How do you consider existing controls in establishing the likelihood of the risk? Are risk responses by default internal controls?

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AFERM Experts Say...

To answer the second question first, risk responses are not internal controls.  Industry professionals know that agencies identify risks, develop risk responses, and then implement internal controls.  If risk responses are not internal controls, then what is the relationship between the two?

Internal controls ensure that the objective of a risk response is carried out effectively.  When comparing risk responses and internal controls to the construction of a building, one could say that the risk response is more of the “blueprint” or “architectural diagram” and the internal control is the “engineered solution.”  Internal controls ensure the execution of the risk response.  In addition, the relationship between risk responses can be one to one, or one to many, and in some rarer circumstances, many to one.  One risk response could be affected by one internal control or by several.  Multiple risks responses could be affected by one internal control if the risk responses are very similar or if the internal control is complex and multi-faceted.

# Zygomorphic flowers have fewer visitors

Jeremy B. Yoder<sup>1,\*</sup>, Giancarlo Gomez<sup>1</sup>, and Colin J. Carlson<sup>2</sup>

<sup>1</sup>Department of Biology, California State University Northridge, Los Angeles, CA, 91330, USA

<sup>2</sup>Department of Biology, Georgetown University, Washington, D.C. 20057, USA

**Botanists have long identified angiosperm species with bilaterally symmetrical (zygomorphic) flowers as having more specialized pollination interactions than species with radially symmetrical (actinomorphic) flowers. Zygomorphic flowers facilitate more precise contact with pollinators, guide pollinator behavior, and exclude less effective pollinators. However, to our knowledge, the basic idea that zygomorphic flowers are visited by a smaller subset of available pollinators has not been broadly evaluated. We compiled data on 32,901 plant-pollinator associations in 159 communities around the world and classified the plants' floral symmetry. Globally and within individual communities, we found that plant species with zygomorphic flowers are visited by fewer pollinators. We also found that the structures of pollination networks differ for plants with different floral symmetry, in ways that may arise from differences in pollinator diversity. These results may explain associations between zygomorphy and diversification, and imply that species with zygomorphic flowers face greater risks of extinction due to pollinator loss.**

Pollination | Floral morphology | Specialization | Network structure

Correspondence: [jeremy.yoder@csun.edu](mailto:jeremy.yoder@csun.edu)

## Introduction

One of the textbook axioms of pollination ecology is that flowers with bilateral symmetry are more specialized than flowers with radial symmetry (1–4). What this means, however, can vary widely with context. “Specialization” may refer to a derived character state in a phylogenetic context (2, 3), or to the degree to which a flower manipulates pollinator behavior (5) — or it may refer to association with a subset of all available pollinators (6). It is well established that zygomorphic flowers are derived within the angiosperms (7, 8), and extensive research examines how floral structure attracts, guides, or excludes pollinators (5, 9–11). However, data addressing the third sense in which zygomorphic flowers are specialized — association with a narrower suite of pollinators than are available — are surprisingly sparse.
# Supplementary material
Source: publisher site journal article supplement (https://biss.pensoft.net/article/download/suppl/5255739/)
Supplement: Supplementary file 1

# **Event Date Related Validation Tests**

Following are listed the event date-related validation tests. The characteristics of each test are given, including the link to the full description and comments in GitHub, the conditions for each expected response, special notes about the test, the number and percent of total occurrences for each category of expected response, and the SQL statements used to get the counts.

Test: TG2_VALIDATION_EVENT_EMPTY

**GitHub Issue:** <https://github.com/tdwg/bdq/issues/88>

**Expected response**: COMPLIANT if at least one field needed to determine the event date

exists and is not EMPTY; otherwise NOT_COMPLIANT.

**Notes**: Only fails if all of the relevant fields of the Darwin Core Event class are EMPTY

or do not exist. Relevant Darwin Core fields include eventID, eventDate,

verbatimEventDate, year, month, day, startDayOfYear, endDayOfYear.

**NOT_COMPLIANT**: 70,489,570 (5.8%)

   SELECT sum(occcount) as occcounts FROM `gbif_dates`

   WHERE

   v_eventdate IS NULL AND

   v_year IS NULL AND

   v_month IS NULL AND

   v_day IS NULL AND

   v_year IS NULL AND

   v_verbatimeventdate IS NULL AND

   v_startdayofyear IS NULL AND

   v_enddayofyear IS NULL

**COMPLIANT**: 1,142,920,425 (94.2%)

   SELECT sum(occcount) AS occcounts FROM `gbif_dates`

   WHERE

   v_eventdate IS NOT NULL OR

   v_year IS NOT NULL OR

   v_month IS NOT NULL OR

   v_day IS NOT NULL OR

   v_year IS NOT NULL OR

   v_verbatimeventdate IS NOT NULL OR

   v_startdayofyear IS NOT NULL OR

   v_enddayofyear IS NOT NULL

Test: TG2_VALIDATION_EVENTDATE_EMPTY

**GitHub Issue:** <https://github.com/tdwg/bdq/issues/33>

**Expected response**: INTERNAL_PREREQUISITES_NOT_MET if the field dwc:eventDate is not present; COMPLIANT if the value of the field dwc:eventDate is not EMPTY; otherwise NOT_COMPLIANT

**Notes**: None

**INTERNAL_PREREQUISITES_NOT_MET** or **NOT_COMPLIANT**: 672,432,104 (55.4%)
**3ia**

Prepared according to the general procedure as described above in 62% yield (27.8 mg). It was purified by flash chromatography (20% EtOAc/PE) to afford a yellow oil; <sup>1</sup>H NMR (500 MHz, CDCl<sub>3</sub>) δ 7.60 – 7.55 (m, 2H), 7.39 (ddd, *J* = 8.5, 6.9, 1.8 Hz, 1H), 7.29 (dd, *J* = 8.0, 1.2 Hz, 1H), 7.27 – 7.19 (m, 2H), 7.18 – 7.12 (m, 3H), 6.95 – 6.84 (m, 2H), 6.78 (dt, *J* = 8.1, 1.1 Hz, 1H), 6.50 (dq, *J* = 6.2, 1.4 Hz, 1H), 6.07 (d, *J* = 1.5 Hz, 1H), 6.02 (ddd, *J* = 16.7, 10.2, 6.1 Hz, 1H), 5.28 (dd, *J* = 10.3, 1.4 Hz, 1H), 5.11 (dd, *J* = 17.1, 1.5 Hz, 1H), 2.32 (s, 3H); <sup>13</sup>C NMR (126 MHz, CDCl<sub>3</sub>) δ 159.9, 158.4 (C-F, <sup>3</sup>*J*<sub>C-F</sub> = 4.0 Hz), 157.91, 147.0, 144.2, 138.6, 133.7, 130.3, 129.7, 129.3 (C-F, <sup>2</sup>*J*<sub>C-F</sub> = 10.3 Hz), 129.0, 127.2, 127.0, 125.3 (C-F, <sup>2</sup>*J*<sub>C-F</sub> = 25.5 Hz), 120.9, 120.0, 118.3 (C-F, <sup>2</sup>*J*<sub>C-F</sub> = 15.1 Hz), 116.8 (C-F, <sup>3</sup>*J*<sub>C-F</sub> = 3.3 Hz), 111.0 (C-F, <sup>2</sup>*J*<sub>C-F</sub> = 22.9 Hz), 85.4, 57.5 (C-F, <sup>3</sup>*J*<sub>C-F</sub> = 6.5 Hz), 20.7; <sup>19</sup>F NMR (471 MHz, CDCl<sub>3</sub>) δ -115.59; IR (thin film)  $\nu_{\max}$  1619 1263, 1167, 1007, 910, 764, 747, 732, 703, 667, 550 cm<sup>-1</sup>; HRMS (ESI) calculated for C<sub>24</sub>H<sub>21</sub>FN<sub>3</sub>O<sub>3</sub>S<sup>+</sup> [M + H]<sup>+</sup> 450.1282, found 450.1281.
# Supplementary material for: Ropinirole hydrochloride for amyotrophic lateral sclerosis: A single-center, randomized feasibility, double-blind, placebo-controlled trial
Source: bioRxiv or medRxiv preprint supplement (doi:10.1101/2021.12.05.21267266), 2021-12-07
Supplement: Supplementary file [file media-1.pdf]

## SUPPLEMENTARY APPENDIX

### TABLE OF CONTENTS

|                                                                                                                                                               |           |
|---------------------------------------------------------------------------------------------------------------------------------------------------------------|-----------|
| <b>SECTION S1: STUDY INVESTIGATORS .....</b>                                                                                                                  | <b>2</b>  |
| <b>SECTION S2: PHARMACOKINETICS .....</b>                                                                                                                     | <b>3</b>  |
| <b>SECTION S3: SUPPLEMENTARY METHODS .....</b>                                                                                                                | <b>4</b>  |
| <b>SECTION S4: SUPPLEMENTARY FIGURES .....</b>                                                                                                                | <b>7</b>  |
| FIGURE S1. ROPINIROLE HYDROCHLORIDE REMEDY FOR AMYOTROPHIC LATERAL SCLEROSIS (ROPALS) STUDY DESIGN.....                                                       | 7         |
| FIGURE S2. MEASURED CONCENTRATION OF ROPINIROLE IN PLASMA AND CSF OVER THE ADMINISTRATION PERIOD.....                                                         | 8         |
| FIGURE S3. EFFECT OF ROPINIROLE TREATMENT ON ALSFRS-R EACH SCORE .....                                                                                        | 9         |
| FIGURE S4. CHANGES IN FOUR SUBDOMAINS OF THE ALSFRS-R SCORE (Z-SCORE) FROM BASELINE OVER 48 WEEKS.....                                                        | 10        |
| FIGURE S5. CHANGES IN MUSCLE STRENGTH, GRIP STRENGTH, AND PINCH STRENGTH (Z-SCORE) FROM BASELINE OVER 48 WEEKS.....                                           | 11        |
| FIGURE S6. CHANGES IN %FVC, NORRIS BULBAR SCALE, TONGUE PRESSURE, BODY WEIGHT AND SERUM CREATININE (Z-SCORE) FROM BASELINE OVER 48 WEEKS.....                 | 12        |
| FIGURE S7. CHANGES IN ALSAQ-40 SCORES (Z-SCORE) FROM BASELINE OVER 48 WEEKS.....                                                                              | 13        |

Now, what happens if an organization already has internal controls, and how is that considered when establishing the likelihood of risk?  There are three parts to this process.  In part one, “inherent risks” are identified based on risk impact (calculated using probabilities of incidence and severity), assuming a world without controls.  In part two, the agency develops a risk response, applies an internal control, and re-measures, which leads to “controlled risk.”  In part three, agencies measure the risk impact and/or output over time given the implementation of the control to determine if there is any “residual risk.”  As such, internal controls become very important in parts two and three when establishing the likelihood of risk.

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